|Alma mater|| Harvard University |
University of California, Berkeley
|Known for|| Hexatic phase |
Quantum Hall effect
|Awards|| Oliver E. Buckley Condensed Matter Prize (1982)|
Lars Onsager Prize (2001)
Wolf Prize in Physics (2003)
|Doctoral advisor||John J. Hopfield|
|Doctoral students||Catherine Kallin|
Bertrand I. Halperin (born December 6, 1941) is an American physicist, former holder of the Hollis Chair of Mathematicks and Natural Philosophy at the physics department of Harvard University.
Halperin was born in Brooklyn, New York, where he grew up in the Crown Heights neighborhood. His mother was Eva Teplitzky Halperin and his father Morris Halperin. His mother was a college administrator and his father a customs inspector. Both his parents were born in USSR. His paternal grandmother's family the Maximovs claimed descent from Rabbi Israel Baal Shem Tov, the BESHT.
He attended Harvard University (class of 1961), and did his graduate work at Berkeley with John J. Hopfield (PhD 1965).After 10 years (1966–1976) working at Bell Laboratories, Murray Hill, New Jersey he was appointed Professor of Physics at Harvard University.
In the 1970s, he, together with David R. Nelson, worked out a theory of two-dimensional melting, predicting the hexatic phase before it was experimentally observed by Pindak et al. In the 1980s, he made contributions to the theory of the Quantum Hall Effect and of the Fractional Quantum Hall Effect. His recent interests lie in the area of strongly interacting low-dimensional electron systems.
Halperin was elected a Fellow of the American Physical Society in 1972and a member of the National Academy of Sciences in 1982. In 2001, he was awarded the Lars Onsager Prize. In 2003, he and Anthony J. Leggett were awarded the Wolf Prize in physics. In 2016 he was Lise Meitner Distinguished Lecturer.
In 2018, he was awarded the 2019 APS Medal for Exceptional Achievement in Research,for "his seminal contributions to theoretical condensed matter physics, especially his pioneering work on the role of topology in both classical and quantum systems."
Lars Onsager was a Norwegian-born American physical chemist and theoretical physicist. He held the Gibbs Professorship of Theoretical Chemistry at Yale University. He was awarded the Nobel Prize in Chemistry in 1968.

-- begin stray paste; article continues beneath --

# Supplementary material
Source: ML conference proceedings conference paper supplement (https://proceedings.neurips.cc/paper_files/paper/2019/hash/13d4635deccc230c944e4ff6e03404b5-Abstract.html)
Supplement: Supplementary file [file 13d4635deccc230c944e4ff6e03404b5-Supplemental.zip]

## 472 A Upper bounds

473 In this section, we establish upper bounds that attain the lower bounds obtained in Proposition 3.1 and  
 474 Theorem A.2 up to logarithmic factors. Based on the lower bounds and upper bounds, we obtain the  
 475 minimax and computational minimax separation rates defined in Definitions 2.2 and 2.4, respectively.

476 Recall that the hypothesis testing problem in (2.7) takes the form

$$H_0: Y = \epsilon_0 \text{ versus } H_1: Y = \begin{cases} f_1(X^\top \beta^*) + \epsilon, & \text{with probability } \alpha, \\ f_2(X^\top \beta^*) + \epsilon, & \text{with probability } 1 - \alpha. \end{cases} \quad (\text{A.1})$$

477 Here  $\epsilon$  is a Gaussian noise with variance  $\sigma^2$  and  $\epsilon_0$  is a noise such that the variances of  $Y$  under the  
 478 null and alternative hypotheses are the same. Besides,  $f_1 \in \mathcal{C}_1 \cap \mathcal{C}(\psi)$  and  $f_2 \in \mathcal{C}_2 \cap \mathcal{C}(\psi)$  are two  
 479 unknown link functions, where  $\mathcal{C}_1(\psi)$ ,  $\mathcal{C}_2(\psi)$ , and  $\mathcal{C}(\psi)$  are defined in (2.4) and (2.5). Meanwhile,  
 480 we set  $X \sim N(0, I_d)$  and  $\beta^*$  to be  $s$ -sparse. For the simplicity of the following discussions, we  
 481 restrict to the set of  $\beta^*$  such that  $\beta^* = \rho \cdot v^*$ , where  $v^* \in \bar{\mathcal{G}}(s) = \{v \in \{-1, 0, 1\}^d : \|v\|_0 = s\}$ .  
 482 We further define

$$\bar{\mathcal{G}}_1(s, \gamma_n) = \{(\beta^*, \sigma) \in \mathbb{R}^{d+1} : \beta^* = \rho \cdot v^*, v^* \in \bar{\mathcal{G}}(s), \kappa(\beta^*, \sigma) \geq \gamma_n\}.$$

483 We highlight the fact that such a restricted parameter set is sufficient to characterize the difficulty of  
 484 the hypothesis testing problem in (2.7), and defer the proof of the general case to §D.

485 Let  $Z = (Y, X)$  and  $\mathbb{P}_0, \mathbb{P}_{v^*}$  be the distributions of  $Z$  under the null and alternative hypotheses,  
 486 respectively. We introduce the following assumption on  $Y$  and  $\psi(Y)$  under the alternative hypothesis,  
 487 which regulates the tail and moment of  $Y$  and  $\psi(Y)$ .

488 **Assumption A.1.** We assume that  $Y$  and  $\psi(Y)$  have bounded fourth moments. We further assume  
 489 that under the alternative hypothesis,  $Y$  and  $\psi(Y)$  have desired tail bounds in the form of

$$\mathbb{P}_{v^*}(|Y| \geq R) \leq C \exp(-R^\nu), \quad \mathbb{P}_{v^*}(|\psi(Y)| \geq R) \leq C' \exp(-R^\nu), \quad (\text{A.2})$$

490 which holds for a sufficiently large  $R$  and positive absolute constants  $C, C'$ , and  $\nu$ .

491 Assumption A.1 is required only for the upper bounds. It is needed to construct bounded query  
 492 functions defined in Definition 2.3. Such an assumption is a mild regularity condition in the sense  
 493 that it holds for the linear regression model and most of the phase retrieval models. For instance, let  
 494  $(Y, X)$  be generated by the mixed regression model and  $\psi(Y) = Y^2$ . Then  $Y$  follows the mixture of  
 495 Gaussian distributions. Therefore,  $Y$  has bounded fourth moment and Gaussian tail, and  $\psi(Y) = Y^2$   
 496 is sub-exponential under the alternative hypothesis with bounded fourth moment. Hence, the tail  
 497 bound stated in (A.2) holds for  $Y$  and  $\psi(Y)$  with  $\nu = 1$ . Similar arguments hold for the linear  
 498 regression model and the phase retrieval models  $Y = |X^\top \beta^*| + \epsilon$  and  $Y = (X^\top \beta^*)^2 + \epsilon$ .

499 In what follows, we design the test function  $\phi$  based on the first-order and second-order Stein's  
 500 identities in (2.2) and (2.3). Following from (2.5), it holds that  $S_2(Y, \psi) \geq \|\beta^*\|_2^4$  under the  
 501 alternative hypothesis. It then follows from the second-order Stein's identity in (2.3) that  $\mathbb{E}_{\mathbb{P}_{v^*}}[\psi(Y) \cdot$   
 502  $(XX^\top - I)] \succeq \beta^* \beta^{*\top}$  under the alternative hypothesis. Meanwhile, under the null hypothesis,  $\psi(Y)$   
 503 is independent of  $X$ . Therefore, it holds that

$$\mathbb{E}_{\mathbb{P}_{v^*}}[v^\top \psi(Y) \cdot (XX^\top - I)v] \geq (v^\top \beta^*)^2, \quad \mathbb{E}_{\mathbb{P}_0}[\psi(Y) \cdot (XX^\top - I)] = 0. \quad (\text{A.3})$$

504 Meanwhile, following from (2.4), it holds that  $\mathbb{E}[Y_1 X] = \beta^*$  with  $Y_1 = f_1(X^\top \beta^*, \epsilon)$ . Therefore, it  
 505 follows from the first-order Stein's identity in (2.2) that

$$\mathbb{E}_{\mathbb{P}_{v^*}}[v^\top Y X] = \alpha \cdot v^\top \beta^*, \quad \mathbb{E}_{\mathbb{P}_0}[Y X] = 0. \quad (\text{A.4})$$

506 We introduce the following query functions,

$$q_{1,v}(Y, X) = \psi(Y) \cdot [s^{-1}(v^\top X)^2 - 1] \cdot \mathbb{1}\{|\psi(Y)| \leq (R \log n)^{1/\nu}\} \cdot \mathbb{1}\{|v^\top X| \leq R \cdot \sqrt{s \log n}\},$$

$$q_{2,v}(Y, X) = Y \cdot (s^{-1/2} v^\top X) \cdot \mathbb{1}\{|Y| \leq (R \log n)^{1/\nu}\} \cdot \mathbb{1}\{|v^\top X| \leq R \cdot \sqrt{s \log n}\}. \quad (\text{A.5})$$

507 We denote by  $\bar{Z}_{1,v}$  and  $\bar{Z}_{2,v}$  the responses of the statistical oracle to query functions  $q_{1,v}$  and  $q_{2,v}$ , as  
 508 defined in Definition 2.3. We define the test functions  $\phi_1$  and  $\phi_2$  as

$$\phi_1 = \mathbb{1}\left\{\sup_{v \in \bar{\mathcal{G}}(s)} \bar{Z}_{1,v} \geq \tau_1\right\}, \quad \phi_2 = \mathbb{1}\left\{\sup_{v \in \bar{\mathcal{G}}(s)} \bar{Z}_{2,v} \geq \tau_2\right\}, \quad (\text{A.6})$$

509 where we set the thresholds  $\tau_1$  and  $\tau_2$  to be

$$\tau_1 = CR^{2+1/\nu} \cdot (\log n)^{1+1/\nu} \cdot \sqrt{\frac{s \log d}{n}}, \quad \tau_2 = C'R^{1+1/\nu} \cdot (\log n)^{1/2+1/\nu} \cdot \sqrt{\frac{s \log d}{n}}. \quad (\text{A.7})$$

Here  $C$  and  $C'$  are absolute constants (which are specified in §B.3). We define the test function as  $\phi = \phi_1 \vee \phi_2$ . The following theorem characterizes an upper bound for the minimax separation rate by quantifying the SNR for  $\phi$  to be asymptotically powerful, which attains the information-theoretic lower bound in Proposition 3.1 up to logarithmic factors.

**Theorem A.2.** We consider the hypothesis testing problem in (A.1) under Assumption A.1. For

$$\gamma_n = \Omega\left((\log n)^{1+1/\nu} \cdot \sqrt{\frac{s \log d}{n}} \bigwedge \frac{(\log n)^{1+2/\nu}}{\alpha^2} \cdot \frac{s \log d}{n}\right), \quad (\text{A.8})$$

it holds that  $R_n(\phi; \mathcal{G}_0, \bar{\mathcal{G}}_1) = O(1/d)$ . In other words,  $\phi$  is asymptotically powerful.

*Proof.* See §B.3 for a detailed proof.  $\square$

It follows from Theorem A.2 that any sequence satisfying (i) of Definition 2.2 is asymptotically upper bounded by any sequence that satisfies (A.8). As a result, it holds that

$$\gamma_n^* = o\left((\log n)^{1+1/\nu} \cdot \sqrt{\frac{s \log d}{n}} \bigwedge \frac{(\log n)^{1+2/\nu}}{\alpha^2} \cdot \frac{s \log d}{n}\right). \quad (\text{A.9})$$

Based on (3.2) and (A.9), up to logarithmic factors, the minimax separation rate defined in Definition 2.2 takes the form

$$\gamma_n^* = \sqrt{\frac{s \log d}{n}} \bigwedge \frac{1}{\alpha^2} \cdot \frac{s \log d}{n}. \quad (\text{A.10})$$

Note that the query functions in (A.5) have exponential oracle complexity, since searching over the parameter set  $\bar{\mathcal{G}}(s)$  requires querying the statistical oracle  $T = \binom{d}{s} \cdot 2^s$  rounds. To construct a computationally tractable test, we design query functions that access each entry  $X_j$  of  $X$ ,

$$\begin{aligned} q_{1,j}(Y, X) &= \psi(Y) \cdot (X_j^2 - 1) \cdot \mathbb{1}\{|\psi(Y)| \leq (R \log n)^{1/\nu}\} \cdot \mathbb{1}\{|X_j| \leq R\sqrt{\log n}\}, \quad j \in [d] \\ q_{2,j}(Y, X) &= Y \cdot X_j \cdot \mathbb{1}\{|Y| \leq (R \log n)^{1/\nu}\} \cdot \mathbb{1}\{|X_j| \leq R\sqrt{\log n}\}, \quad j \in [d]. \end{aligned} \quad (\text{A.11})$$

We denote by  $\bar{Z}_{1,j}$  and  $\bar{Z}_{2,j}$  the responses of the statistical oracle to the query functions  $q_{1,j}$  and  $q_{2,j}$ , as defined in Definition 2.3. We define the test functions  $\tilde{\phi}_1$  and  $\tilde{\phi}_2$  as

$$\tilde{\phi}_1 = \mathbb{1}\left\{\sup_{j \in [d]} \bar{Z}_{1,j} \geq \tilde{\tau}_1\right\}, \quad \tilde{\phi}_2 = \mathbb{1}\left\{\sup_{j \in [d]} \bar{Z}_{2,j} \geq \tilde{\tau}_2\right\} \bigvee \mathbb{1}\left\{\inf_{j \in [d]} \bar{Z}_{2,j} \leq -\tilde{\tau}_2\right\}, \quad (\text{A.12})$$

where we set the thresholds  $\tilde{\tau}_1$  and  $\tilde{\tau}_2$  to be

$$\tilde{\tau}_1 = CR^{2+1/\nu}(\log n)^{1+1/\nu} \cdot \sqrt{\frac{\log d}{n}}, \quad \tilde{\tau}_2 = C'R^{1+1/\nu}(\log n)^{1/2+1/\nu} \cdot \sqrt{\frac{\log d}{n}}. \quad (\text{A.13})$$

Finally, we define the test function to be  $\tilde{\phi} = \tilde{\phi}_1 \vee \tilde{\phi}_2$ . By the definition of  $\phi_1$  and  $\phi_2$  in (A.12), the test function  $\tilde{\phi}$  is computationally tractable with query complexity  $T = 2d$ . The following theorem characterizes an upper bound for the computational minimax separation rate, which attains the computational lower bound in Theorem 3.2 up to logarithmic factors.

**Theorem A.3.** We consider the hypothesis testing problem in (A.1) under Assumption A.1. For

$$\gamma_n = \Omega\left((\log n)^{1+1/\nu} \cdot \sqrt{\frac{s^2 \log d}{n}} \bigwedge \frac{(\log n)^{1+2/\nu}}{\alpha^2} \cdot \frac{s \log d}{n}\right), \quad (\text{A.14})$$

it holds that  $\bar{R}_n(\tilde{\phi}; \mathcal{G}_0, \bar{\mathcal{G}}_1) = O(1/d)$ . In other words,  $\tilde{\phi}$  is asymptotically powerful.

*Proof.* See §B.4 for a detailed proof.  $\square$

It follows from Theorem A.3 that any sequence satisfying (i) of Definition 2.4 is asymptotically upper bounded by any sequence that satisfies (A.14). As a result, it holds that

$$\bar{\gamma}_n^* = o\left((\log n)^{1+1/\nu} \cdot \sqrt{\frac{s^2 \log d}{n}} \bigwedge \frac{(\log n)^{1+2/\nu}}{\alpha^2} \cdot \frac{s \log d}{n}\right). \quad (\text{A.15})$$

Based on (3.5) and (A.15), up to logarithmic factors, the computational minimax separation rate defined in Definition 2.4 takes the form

Sir Michael Victor Berry,, is a mathematical physicist at the University of Bristol, England.
Sir Anthony James Leggett is a theoretical physicist and professor emeritus at the University of Illinois at Urbana-Champaign. Leggett is widely recognised as a world leader in the theory of low-temperature physics, and his pioneering work on superfluidity was recognised by the 2003 Nobel Prize in Physics. He has shaped the theoretical understanding of normal and superfluid helium liquids and strongly coupled superfluids. He set directions for research in the quantum physics of macroscopic dissipative systems and use of condensed systems to test the foundations of quantum mechanics. In a 2021 interview given to Federal University of Pará in Brazil, Leggett talks about his early life in London, his path to become a theoretical physicist and also his scientific works and collaborations.
Alexander Markovich Polyakov is a Russian theoretical physicist, formerly at the Landau Institute in Moscow and, since 1990, at Princeton University, where he is the Joseph Henry Professor of Physics.
Leo Philip Kadanoff was an American physicist. He was a professor of physics at the University of Chicago and a former President of the American Physical Society (APS). He contributed to the fields of statistical physics, chaos theory, and theoretical condensed matter physics.
Michael Ellis Fisher is an English physicist, as well as chemist and mathematician, known for his many seminal contributions to statistical physics, including but not restricted to the theory of phase transitions and critical phenomena.
David James Thouless was a British condensed-matter physicist. He was the winner of the 1990 Wolf Prize and a laureate of the 2016 Nobel Prize for physics along with F. Duncan M. Haldane and J. Michael Kosterlitz for theoretical discoveries of topological phase transitions and topological phases of matter.
Giorgio Parisi is an Italian theoretical physicist, whose research has focused on quantum field theory, statistical mechanics and complex systems. His best known contributions are the QCD evolution equations for parton densities, obtained with Guido Altarelli, known as the Altarelli–Parisi or DGLAP equations, the exact solution of the Sherrington–Kirkpatrick model of spin glasses, the Kardar–Parisi–Zhang equation describing dynamic scaling of growing interfaces, and the study of whirling flocks of birds.
Juan Ignacio Cirac Sasturain, known professionally as Ignacio Cirac, is a Spanish physicist. He is one of the pioneers of the field of quantum computing and quantum information theory. He is the recipient of the 2006 Prince of Asturias Award in technical and scientific research.